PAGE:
Homeless Claim L.A. Blew Off Court Orders

     LOS ANGELES (CN) – Los Angeles police violated a court order protecting homeless people in Venice Beach by continuing to seize and destroy their belongings, three homeless people claim in a federal class action.
     Lead plaintiff Nancy Hanson sued Los Angeles in Federal Court.
     She and co-plaintiffs David Busch and Denise Krajewski claim that in “an extraordinary display of arrogance,” LAPD officers and Department of Public Works employees “swept through Third Avenue in Venice” without notice on March 7, 2012, and trashed their belongings.
     As many as 70 homeless people live and sleep at Third Avenue between Rose and Sunset, according to the complaint. Hanson says the homeless people moved there after authorities forced them off Venice Boardwalk.
     In June 2011, the Federal Court issued a preliminary injunction against similar police tactics on Skid Row. Lavan vs. City of Los Angeles bars the city from “taking and summarily destroying the property of homeless individuals without notice.”
     The 9th Circuit renewed the preliminary injunction in September 2012, without ruling on whether homeless people have a constitutionally protected interest in leaving their belongings on public sidewalks.
     In the new complaint, Hanson claims that on March 7 last year, “The homeless community on Third Avenue in Venice woke early on that morning and, as they did every other day, neatly organized their possessions and left to get food, use a bathroom, obtain services at St. Joseph’s and the Venice Family Clinic, both nearby, or engage in other common daily tasks.
     “After nearly everyone had left, public works and the police arrived mid-morning with three large trash trucks. City employees and agents slashed protective coverings and ties and threw the property away. All of the items on the sidewalks were seized and thrown into the public works trucks.”
     Hanson says Busch retrieved some of his belongings after District 11 Councilman Bill Rosendahl intervened. Homeless services then drove Busch and others to a city yard in another part of Venice.
     “When Mr. Busch and the others arrived, their property had been dumped on the ground. A few people were able to reclaim some of their belongings, but much of it had been irretrievably damaged or destroyed. Moreover, one of the public works trucks had apparently already gone to the yard on the other side of the city, making it completely inaccessible to the homeless individuals,” the complaint states.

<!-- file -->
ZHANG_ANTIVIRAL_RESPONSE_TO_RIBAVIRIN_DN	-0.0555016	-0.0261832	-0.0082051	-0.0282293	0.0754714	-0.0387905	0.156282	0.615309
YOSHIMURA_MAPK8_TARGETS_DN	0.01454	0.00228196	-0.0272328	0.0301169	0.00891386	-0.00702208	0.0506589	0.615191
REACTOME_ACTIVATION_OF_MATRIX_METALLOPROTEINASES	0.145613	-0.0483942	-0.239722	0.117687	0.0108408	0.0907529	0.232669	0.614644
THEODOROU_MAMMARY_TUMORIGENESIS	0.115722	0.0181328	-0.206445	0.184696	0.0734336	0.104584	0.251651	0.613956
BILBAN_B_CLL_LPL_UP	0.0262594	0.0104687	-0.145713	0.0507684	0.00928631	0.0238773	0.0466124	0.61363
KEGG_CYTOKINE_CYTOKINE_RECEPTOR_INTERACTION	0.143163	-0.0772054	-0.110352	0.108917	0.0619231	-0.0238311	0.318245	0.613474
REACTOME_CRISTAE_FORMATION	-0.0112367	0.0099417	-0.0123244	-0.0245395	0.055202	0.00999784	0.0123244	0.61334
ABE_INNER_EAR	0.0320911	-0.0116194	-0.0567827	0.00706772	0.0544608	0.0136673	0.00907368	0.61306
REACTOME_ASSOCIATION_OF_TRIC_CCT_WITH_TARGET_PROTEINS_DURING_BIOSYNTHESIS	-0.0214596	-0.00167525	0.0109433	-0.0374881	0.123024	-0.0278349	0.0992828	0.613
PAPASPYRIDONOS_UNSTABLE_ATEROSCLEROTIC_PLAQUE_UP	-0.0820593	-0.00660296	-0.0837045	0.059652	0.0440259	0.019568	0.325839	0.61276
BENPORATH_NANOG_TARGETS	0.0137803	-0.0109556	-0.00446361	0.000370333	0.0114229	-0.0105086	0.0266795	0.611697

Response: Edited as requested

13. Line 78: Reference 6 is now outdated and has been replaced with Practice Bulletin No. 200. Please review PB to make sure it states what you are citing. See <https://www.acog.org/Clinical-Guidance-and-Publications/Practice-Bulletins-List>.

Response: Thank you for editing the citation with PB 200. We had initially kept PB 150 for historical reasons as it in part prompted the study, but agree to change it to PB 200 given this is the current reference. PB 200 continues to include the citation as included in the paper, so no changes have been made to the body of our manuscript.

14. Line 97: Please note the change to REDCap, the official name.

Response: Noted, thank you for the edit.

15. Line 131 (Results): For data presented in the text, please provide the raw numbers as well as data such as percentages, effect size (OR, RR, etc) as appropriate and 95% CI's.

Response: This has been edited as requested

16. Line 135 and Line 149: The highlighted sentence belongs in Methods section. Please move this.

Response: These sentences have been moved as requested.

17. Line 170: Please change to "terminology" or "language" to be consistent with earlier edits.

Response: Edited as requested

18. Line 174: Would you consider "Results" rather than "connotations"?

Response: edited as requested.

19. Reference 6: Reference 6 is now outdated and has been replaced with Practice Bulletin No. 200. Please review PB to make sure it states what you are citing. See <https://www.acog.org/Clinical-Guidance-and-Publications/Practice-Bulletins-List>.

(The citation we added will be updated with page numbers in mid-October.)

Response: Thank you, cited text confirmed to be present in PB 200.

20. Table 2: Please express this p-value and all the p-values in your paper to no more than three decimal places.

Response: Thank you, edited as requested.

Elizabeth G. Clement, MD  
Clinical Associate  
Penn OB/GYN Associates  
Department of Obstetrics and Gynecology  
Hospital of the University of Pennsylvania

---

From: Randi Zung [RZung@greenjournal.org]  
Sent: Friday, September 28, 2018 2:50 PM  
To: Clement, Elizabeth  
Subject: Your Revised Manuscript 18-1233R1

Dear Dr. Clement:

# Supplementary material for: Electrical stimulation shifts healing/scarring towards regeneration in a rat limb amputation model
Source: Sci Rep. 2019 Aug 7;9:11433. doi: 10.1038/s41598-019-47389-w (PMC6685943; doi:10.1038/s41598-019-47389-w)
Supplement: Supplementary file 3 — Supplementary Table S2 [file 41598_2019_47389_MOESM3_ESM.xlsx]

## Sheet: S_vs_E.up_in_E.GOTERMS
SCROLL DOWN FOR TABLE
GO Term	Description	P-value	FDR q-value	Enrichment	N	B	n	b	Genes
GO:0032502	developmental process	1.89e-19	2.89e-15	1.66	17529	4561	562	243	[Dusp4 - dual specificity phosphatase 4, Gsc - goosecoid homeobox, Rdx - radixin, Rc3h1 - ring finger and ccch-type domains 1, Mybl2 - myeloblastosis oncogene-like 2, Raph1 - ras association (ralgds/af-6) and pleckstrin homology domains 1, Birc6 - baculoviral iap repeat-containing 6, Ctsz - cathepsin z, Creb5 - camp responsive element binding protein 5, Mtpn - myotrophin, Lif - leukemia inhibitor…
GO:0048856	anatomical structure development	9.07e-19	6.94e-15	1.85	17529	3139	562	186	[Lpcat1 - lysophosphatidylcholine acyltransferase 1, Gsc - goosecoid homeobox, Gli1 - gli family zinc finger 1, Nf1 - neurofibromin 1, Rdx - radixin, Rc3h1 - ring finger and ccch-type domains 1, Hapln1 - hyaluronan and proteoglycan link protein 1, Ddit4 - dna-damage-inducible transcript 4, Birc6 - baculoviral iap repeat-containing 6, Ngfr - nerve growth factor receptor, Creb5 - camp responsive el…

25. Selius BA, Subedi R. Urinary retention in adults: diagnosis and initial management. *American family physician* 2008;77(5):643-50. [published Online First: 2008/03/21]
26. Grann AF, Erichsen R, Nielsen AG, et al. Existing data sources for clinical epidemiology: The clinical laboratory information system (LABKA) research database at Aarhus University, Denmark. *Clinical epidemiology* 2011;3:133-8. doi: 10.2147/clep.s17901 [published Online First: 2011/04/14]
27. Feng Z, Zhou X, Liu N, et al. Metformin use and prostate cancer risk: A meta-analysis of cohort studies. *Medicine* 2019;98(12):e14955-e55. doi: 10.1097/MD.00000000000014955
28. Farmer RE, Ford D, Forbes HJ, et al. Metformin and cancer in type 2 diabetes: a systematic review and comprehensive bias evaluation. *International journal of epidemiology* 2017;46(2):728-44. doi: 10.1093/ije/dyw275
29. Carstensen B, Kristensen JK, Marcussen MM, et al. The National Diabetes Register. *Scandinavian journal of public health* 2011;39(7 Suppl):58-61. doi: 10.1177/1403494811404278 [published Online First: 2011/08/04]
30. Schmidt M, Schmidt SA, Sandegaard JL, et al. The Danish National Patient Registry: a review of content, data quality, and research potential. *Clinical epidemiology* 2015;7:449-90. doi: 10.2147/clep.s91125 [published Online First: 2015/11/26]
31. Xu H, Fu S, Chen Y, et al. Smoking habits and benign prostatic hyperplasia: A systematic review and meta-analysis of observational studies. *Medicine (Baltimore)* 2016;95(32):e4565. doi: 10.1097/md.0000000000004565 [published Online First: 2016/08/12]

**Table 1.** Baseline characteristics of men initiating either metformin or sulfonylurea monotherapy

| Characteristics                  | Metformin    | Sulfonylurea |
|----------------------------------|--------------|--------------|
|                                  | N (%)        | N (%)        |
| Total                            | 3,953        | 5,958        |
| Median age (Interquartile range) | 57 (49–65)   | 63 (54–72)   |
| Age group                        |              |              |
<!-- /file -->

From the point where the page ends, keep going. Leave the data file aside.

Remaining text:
Hanson calls the city’s crass action a “devastating blow,” costing homeless people medicine, medical records, birth certificates, IDs, family photographs, clothing, tents and blankets.
     She claims the city knew that the belongings had been “left unattended temporarily,” and that a public worker “cut away a neatly packed cart that was deliberately secured to a tree and then threw away all of the property on the cart.”
     Hanson says the city never posted signs or gave them notice. And, “Astonishingly,” she says, city officials claimed that a city ordinance “trumped” the Constitution and the court’s orders, and “somehow did not apply in Venice.”
     The city “has made it clear that it believes it is above the law and the courts. This is the fifth time the city has been sued in two decades for the very same action directed against homeless individuals and the second time that it has been sued for seizing and destroying the property of homeless individuals in Venice,” the complaint states. “Despite the fact that the courts have consistently found the city’s conduct unlawful, the city brazenly repeated its illegal tactics.”
     The complaint claims that the ruling in Lavan settled three issues.
     “First, the court held, and the 9th Circuit affirmed, that the property of homeless individuals is protected by the Fourth Amendment’s protection against unlawful and unreasonable seizure. Second, the court held that the property of homeless individuals is not abandoned simply because they leave for a short time to use a bathroom, get food, or perform other necessary daily tasks. Third, even if the city could somehow reasonably believe that the property in question was abandoned, it may not be destroyed without notice and an opportunity to reclaim it.”
     The class seeks declaratory judgment, another injunction, and statutory damages.
     They are represented by Carol Sobel of Santa Monica, who also litigated Lavan.
     Sobel did not respond to requests for an interview.
     Neither Councilman Rosendahl nor the city replied to requests for comment.

%d bloggers like this: